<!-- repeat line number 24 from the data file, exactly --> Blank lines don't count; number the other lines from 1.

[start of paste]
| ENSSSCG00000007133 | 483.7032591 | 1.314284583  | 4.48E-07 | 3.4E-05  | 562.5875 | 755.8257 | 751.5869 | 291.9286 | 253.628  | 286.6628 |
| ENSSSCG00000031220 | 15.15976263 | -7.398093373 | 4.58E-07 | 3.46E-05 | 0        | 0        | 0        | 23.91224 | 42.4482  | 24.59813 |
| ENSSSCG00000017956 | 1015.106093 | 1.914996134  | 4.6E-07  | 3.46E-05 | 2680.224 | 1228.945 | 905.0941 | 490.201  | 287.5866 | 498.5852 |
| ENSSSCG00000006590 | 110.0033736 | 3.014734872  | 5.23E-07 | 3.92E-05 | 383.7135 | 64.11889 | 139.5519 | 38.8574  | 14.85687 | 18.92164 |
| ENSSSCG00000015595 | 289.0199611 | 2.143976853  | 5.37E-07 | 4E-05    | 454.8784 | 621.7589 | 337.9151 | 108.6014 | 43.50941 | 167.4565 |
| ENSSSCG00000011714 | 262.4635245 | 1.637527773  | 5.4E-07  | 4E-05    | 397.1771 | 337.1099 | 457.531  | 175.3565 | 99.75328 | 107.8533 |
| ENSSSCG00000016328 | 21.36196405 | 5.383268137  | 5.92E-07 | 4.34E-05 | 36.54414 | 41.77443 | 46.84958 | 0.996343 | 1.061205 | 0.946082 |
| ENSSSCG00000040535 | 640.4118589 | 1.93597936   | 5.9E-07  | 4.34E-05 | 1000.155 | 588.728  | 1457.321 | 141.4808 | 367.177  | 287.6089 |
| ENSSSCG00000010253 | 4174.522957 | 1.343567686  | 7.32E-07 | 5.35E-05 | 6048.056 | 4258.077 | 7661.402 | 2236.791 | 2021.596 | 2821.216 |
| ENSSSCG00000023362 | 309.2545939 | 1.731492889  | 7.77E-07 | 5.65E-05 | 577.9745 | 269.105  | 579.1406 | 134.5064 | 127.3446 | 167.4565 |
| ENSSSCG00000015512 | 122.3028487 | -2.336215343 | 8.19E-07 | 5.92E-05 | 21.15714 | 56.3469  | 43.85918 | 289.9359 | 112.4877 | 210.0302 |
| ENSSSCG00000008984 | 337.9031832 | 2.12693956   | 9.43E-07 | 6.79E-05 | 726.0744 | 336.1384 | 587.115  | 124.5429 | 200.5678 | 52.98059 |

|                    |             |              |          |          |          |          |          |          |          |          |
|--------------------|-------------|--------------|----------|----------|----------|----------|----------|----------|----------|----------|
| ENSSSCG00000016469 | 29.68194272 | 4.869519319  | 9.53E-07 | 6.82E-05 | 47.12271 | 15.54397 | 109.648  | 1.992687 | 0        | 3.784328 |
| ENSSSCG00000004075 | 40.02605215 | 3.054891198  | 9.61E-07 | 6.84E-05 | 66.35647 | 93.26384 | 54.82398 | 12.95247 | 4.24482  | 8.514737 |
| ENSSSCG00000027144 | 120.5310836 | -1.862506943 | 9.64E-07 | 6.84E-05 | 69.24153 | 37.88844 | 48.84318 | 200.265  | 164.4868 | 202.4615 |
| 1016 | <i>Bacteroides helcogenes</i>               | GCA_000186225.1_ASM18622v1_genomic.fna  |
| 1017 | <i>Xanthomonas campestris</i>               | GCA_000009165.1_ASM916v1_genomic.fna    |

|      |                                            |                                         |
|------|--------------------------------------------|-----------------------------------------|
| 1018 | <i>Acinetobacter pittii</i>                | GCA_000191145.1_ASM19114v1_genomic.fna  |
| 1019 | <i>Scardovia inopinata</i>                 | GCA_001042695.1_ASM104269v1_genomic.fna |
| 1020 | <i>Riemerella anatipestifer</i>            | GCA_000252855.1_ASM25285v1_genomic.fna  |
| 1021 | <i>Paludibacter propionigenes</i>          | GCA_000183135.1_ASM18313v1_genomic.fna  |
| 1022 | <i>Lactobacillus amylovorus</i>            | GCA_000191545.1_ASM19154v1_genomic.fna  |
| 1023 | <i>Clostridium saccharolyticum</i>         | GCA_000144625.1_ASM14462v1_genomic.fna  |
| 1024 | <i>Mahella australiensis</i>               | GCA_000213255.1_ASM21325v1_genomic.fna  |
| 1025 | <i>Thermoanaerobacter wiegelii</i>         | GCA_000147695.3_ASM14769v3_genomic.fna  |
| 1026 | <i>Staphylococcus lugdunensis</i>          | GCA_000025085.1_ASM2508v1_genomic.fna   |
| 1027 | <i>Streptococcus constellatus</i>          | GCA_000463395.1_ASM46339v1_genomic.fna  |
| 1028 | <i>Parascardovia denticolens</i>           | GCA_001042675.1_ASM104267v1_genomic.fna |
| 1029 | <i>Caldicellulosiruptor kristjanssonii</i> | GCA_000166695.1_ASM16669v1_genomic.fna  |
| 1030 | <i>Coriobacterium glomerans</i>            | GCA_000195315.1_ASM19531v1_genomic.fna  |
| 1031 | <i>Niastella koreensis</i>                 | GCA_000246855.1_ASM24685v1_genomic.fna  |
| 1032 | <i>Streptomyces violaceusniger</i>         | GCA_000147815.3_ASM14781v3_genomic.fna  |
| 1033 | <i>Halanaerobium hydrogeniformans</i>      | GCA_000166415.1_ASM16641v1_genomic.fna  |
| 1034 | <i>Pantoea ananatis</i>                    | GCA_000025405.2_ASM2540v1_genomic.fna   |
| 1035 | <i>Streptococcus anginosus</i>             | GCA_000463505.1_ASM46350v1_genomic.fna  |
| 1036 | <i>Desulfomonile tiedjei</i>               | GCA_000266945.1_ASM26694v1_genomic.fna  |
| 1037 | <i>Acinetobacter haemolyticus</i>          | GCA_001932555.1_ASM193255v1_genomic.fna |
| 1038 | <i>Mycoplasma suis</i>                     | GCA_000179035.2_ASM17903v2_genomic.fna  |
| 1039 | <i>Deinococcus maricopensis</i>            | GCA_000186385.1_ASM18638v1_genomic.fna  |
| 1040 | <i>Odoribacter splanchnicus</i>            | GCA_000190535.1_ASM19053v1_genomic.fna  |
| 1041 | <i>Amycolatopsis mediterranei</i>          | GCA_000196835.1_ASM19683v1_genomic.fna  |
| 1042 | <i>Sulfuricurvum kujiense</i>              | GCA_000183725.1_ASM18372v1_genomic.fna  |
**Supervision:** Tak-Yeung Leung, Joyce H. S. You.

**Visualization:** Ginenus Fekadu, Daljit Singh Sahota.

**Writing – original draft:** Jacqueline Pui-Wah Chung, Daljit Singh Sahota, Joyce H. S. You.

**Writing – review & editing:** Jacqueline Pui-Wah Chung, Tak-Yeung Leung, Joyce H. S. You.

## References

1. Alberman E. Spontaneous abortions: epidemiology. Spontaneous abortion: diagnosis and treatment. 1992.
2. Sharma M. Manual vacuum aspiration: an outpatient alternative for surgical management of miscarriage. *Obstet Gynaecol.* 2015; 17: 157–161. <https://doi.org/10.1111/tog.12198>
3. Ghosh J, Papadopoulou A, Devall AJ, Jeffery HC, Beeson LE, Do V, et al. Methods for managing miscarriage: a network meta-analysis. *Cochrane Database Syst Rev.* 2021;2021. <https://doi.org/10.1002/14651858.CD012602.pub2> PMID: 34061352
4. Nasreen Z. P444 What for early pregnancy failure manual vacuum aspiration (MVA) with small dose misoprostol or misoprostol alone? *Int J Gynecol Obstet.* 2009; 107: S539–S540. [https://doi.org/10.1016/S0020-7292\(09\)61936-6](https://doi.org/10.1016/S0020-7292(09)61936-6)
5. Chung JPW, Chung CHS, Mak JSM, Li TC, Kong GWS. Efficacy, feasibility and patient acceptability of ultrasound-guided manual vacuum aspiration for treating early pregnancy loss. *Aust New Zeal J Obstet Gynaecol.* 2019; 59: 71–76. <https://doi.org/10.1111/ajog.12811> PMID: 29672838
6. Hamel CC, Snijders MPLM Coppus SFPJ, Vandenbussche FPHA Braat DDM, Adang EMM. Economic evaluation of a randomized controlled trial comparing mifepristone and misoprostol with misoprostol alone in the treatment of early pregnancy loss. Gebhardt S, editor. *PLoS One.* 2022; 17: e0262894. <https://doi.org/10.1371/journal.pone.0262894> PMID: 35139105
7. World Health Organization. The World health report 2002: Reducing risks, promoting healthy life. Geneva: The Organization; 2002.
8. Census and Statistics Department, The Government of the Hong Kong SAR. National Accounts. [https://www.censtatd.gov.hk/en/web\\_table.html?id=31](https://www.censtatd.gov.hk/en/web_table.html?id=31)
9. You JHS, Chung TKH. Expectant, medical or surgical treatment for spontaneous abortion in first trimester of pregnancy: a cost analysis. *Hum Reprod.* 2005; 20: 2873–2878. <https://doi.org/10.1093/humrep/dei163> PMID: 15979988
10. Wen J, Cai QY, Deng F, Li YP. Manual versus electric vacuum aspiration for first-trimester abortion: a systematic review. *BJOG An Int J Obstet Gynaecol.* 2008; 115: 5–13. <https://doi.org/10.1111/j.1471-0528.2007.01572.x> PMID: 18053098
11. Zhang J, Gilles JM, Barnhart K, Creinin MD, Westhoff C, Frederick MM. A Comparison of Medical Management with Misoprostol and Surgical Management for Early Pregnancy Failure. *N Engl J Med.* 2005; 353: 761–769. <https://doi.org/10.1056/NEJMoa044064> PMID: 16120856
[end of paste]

| 1020 | <i>Riemerella anatipestifer</i>            | GCA_000252855.1_ASM25285v1_genomic.fna  |